Posted in Black History

Robert Sengstacke Abbott

Without Abbott’s creative vision, many of the Black publications of today—such as EbonyEssenceBlack Enterprise, and Upscale—wouldn’t exist. In 1905, Abbott founded the Chicago Defender weekly newspaper.

The paper originally started out as a four-page pamphlet, increasing its circulation with every edition. Abbott and his newspaper played an integral part in encouraging African Americans to migrate from the South for better economic opportunities.

Robert Sengstacke Abbott, ca. 1920Public

Born on December 24, 1870, to formerly enslaved parents in St. Simons, Georgia, Robert Sengstacke Abbott attended Hampton Institute in Virginia and then went on to graduate from Kent Law School (now Chicago-Kent College of Law in Illinois) in 1899. In May 1905 he started publishing the Chicago Defender.

The paper attacked racial injustice, particularly lynching in the south. The Defender did not use the words “Negro” or “black” in its pages. Instead, African Americans were referred to as “the Race” and black men and women as “Race men and Race women.” Many places in the south effectively banned the paper, especially when, during World War I, Abbott actively tried to convince southern blacks to migrate to the north. Abbott managed to get railroad porters to carry his papers south and he ran articles, editorials, cartoons — even train schedules and job listings — to convince the Defender’s southern readers to come north.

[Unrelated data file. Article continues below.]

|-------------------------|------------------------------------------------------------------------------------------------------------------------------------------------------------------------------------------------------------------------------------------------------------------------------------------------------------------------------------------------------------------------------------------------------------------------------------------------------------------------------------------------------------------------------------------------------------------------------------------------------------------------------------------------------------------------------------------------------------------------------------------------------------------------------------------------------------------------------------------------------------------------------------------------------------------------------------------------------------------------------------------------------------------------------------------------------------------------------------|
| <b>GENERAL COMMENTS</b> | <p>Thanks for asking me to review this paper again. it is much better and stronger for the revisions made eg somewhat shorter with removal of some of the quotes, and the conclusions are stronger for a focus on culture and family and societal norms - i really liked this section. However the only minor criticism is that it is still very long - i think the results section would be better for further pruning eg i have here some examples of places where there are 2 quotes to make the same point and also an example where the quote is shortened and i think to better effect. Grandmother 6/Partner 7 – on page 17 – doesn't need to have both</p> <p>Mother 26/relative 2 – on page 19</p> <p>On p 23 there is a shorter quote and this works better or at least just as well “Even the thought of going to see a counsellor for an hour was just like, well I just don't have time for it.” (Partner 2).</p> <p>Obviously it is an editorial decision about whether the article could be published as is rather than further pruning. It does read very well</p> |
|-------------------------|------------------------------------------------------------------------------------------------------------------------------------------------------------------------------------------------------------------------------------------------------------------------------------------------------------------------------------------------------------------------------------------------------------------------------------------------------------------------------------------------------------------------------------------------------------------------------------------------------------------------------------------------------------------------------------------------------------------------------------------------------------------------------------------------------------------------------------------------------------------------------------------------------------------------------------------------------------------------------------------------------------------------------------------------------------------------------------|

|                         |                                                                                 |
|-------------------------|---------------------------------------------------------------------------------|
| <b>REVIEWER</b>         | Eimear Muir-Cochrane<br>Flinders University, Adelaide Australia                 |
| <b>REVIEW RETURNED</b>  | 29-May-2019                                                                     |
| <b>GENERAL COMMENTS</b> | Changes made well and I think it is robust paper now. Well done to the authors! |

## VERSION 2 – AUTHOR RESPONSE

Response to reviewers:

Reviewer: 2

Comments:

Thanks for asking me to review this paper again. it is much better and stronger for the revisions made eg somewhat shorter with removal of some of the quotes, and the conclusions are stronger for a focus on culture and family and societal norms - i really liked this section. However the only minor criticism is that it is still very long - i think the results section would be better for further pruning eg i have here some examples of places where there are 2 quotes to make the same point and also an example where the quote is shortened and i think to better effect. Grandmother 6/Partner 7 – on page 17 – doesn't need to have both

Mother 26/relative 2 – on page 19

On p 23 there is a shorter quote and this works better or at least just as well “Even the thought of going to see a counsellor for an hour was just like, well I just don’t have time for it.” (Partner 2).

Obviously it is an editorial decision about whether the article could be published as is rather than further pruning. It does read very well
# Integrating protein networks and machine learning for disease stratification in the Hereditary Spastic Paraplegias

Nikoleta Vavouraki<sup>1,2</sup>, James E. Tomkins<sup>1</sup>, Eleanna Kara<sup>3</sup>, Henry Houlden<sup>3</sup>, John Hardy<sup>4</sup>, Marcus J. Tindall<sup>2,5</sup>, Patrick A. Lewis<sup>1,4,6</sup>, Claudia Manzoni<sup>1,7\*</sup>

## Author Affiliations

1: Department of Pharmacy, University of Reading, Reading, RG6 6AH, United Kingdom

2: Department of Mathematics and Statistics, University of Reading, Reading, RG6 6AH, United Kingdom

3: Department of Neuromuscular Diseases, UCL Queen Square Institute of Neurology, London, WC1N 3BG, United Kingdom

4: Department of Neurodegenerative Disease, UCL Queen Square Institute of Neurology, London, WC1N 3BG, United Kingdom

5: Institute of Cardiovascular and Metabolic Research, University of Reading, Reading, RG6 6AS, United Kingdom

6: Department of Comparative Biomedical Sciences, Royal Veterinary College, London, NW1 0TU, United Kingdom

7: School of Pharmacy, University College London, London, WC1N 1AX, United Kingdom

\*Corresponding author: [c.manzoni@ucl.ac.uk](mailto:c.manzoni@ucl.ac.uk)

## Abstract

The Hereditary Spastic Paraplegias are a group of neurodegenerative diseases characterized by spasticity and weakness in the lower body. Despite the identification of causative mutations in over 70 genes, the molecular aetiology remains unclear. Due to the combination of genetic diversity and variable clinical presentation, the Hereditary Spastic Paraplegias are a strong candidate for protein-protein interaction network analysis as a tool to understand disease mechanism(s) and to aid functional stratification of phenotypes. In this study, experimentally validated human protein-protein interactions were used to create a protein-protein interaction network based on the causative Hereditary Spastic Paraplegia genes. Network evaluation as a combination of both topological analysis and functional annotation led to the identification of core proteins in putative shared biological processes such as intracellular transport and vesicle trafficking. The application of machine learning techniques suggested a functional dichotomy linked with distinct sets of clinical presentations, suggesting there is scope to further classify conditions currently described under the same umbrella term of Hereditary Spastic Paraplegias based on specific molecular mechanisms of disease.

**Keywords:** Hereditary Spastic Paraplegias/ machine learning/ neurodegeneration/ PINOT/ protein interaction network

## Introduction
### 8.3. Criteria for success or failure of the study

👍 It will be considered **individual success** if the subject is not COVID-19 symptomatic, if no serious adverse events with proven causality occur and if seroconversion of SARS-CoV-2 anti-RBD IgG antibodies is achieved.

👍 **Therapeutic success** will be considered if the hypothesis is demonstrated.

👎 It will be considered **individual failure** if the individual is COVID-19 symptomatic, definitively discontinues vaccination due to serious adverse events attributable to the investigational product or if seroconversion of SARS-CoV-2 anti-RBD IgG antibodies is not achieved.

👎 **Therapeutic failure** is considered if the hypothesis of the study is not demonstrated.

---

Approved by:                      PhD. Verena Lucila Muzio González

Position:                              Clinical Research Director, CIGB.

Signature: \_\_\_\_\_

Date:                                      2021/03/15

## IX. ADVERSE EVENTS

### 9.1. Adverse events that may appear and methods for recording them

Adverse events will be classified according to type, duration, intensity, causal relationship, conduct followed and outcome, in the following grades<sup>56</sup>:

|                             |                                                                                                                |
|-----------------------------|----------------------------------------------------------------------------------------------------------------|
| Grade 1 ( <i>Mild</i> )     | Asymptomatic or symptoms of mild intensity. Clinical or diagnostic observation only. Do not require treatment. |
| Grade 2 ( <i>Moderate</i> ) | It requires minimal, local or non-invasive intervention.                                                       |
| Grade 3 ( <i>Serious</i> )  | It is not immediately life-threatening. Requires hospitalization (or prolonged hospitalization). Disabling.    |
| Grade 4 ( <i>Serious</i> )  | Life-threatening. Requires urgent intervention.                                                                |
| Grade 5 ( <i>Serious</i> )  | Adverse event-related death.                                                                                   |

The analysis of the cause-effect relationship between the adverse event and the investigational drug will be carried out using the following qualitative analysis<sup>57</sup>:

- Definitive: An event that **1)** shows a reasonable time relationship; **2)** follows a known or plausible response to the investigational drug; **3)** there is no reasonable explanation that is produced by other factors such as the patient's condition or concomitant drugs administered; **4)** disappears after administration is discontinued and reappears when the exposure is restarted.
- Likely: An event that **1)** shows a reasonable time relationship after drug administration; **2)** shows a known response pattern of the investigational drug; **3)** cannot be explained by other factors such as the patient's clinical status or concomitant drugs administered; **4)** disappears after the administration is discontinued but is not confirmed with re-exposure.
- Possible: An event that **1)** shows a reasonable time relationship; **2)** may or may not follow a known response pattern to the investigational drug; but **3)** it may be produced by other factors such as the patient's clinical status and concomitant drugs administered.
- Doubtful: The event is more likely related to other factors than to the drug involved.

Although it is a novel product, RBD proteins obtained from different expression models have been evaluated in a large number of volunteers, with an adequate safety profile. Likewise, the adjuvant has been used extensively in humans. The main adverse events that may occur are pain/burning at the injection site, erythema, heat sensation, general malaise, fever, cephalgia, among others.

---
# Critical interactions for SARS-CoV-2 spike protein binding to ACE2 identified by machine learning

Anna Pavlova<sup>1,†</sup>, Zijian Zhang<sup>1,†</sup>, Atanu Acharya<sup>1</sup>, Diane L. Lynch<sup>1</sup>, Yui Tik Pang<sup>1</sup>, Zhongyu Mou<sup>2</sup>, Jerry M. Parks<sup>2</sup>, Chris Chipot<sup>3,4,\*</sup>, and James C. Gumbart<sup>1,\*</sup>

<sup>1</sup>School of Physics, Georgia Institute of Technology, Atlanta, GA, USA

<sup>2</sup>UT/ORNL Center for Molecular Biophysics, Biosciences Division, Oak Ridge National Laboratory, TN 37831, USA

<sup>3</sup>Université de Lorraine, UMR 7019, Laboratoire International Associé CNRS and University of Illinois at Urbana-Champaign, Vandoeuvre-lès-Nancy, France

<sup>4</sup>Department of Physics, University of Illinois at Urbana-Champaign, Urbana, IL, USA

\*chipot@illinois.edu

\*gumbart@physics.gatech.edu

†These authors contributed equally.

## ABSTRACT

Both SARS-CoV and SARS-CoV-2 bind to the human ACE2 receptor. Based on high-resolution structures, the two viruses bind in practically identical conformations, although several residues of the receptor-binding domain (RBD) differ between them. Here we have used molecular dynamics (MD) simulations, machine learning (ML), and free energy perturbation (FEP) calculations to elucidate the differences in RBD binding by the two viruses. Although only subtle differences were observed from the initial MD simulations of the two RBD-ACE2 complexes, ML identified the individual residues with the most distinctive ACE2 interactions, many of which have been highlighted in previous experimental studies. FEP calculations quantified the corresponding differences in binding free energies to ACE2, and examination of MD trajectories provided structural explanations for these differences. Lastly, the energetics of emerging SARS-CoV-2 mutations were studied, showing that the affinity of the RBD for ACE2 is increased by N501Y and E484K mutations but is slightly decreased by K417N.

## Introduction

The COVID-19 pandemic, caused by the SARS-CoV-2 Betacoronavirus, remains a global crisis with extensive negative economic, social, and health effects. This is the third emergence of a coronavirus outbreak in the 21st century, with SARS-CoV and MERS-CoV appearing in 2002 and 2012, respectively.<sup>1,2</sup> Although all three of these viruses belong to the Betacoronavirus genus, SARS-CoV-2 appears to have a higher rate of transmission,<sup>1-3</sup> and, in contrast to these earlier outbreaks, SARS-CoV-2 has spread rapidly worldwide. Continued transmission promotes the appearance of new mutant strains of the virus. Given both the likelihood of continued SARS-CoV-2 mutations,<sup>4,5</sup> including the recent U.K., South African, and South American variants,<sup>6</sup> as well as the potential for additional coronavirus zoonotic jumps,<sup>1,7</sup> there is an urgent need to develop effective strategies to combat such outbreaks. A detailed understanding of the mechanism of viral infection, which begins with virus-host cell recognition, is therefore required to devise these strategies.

The “Great Northern Migration,” as it was called in the Defender, resulted in more than one million blacks migrating north, about 100,000 of them coming to Chicago. The Defender was passed from person to person and read aloud in barbershops and churches. It is estimated that at its height each paper sold was read by four to five African Americans, putting its readership at over 500,000 people each week.

In the burgeoning economic times of the 1920s, with hundreds of new products and the growth of advertising, the Defender became an economic success and Abbott became one of the first African American millionaires.  Abbott, a member of Kappa Alpha Psi Fraternity, died in Chicago on February 29, 1940, at the age of 69, with the Defender still a success.


African American HistoryPeople


20th Century (1900-1999)United States – GeorgiaGender – MenUnited States – IllinoisUnited States – VirginiaOccupation-Newspaper Owner


Tamblyn, G. (2007, January 21). Robert Sengstacke Abbott (1870-1940).


Roi Ottley, The Lonely Warrior; The Life and Times of Robert S. Abbott (Chicago: Regnery Co., 1955);
Kwame A. Appiah and Henry Louis Gates, eds., Africana: The Encyclopedia of the African & African American Experience (New York: Basic Civitas Books, 1999);


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